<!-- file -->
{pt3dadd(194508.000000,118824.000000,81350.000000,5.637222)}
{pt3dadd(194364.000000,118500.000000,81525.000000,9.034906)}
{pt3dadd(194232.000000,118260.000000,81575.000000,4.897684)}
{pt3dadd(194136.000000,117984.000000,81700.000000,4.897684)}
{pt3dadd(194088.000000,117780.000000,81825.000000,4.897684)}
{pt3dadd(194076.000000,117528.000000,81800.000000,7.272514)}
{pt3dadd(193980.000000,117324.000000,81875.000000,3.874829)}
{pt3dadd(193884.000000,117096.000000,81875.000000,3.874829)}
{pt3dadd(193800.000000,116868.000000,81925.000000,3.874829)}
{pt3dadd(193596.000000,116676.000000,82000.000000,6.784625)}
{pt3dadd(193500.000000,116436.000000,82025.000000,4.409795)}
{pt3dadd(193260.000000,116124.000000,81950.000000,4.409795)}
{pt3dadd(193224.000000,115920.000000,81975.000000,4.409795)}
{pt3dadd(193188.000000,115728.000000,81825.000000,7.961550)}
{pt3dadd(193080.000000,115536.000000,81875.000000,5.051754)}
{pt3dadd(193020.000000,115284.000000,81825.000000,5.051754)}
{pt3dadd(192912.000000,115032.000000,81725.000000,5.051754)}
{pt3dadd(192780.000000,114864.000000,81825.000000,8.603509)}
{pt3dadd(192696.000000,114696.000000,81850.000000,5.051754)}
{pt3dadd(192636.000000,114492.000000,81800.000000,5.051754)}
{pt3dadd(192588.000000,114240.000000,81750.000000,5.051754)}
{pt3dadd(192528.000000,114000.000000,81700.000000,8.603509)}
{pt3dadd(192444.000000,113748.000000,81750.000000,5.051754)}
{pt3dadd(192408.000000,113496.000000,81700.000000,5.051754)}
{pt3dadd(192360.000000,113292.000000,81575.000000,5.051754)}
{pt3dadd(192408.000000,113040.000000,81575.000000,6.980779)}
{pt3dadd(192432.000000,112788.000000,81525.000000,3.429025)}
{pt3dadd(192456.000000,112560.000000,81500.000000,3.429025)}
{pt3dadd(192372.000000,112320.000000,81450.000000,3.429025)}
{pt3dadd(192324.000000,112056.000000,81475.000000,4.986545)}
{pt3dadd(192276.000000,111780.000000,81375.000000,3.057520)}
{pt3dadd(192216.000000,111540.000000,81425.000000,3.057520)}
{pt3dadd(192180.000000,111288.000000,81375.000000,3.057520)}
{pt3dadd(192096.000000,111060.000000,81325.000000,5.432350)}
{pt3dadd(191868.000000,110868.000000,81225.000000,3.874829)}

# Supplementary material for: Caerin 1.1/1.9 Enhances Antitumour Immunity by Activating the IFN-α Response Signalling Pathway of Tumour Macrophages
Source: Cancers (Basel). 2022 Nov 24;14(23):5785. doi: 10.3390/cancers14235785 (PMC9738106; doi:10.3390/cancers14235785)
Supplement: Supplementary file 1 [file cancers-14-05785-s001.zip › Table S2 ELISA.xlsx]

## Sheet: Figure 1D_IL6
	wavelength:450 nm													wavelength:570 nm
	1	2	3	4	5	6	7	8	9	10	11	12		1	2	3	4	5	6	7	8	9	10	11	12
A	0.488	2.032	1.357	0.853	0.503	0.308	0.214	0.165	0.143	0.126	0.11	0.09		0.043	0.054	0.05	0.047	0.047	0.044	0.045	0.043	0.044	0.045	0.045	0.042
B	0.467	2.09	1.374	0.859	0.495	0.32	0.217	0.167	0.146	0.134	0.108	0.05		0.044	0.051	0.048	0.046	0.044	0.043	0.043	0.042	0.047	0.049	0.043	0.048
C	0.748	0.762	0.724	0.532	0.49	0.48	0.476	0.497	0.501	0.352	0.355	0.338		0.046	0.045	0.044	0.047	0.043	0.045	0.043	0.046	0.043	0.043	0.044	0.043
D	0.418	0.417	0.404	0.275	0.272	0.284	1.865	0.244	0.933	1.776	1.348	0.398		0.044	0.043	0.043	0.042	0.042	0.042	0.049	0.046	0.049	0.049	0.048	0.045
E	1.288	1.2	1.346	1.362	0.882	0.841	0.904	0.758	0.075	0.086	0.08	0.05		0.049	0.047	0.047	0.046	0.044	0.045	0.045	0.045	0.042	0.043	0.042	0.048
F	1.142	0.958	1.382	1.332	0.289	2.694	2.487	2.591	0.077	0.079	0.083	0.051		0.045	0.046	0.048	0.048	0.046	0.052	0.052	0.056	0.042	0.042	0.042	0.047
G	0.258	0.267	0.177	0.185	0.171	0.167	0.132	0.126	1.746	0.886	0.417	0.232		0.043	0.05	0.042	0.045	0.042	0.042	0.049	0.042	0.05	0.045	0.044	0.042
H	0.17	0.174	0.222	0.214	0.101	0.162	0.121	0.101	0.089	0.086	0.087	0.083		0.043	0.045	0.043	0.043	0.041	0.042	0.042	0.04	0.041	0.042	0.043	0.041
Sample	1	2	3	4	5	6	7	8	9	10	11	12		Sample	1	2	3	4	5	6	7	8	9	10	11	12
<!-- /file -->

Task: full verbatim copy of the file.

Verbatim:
{pt3dadd(194508.000000,118824.000000,81350.000000,5.637222)}
{pt3dadd(194364.000000,118500.000000,81525.000000,9.034906)}
{pt3dadd(194232.000000,118260.000000,81575.000000,4.897684)}
{pt3dadd(194136.000000,117984.000000,81700.000000,4.897684)}
{pt3dadd(194088.000000,117780.000000,81825.000000,4.897684)}
{pt3dadd(194076.000000,117528.000000,81800.000000,7.272514)}
{pt3dadd(193980.000000,117324.000000,81875.000000,3.874829)}
{pt3dadd(193884.000000,117096.000000,81875.000000,3.874829)}
{pt3dadd(193800.000000,116868.000000,81925.000000,3.874829)}
{pt3dadd(193596.000000,116676.000000,82000.000000,6.784625)}
{pt3dadd(193500.000000,116436.000000,82025.000000,4.409795)}
{pt3dadd(193260.000000,116124.000000,81950.000000,4.409795)}
{pt3dadd(193224.000000,115920.000000,81975.000000,4.409795)}
{pt3dadd(193188.000000,115728.000000,81825.000000,7.961550)}
{pt3dadd(193080.000000,115536.000000,81875.000000,5.051754)}
{pt3dadd(193020.000000,115284.000000,81825.000000,5.051754)}
{pt3dadd(192912.000000,115032.000000,81725.000000,5.051754)}
{pt3dadd(192780.000000,114864.000000,81825.000000,8.603509)}
{pt3dadd(192696.000000,114696.000000,81850.000000,5.051754)}
{pt3dadd(192636.000000,114492.000000,81800.000000,5.051754)}
{pt3dadd(192588.000000,114240.000000,81750.000000,5.051754)}
{pt3dadd(192528.000000,114000.000000,81700.000000,8.603509)}
{pt3dadd(192444.000000,113748.000000,81750.000000,5.051754)}
{pt3dadd(192408.000000,113496.000000,81700.000000,5.051754)}
{pt3dadd(192360.000000,113292.000000,81575.000000,5.051754)}
{pt3dadd(192408.000000,113040.000000,81575.000000,6.980779)}
{pt3dadd(192432.000000,112788.000000,81525.000000,3.429025)}
{pt3dadd(192456.000000,112560.000000,81500.000000,3.429025)}
{pt3dadd(192372.000000,112320.000000,81450.000000,3.429025)}
{pt3dadd(192324.000000,112056.000000,81475.000000,4.986545)}
{pt3dadd(192276.000000,111780.000000,81375.000000,3.057520)}
{pt3dadd(192216.000000,111540.000000,81425.000000,3.057520)}
{pt3dadd(192180.000000,111288.000000,81375.000000,3.057520)}
{pt3dadd(192096.000000,111060.000000,81325.000000,5.432350)}
{pt3dadd(191868.000000,110868.000000,81225.000000,3.874829)}

# Supplementary material for: Caerin 1.1/1.9 Enhances Antitumour Immunity by Activating the IFN-α Response Signalling Pathway of Tumour Macrophages
Source: Cancers (Basel). 2022 Nov 24;14(23):5785. doi: 10.3390/cancers14235785 (PMC9738106; doi:10.3390/cancers14235785)
Supplement: Supplementary file 1 [file cancers-14-05785-s001.zip › Table S2 ELISA.xlsx]

## Sheet: Figure 1D_IL6
	wavelength:450 nm													wavelength:570 nm
	1	2	3	4	5	6	7	8	9	10	11	12		1	2	3	4	5	6	7	8	9	10	11	12
A	0.488	2.032	1.357	0.853	0.503	0.308	0.214	0.165	0.143	0.126	0.11	0.09		0.043	0.054	0.05	0.047	0.047	0.044	0.045	0.043	0.044	0.045	0.045	0.042
B	0.467	2.09	1.374	0.859	0.495	0.32	0.217	0.167	0.146	0.134	0.108	0.05		0.044	0.051	0.048	0.046	0.044	0.043	0.043	0.042	0.047	0.049	0.043	0.048
C	0.748	0.762	0.724	0.532	0.49	0.48	0.476	0.497	0.501	0.352	0.355	0.338		0.046	0.045	0.044	0.047	0.043	0.045	0.043	0.046	0.043	0.043	0.044	0.043
D	0.418	0.417	0.404	0.275	0.272	0.284	1.865	0.244	0.933	1.776	1.348	0.398		0.044	0.043	0.043	0.042	0.042	0.042	0.049	0.046	0.049	0.049	0.048	0.045
E	1.288	1.2	1.346	1.362	0.882	0.841	0.904	0.758	0.075	0.086	0.08	0.05		0.049	0.047	0.047	0.046	0.044	0.045	0.045	0.045	0.042	0.043	0.042	0.048
F	1.142	0.958	1.382	1.332	0.289	2.694	2.487	2.591	0.077	0.079	0.083	0.051		0.045	0.046	0.048	0.048	0.046	0.052	0.052	0.056	0.042	0.042	0.042	0.047
G	0.258	0.267	0.177	0.185	0.171	0.167	0.132	0.126	1.746	0.886	0.417	0.232		0.043	0.05	0.042	0.045	0.042	0.042	0.049	0.042	0.05	0.045	0.044	0.042
H	0.17	0.174	0.222	0.214	0.101	0.162	0.121	0.101	0.089	0.086	0.087	0.083		0.043	0.045	0.043	0.043	0.041	0.042	0.042	0.04	0.041	0.042	0.043	0.041
Sample	1	2	3	4	5	6	7	8	9	10	11	12		Sample	1	2	3	4	5	6	7	8	9	10	11	12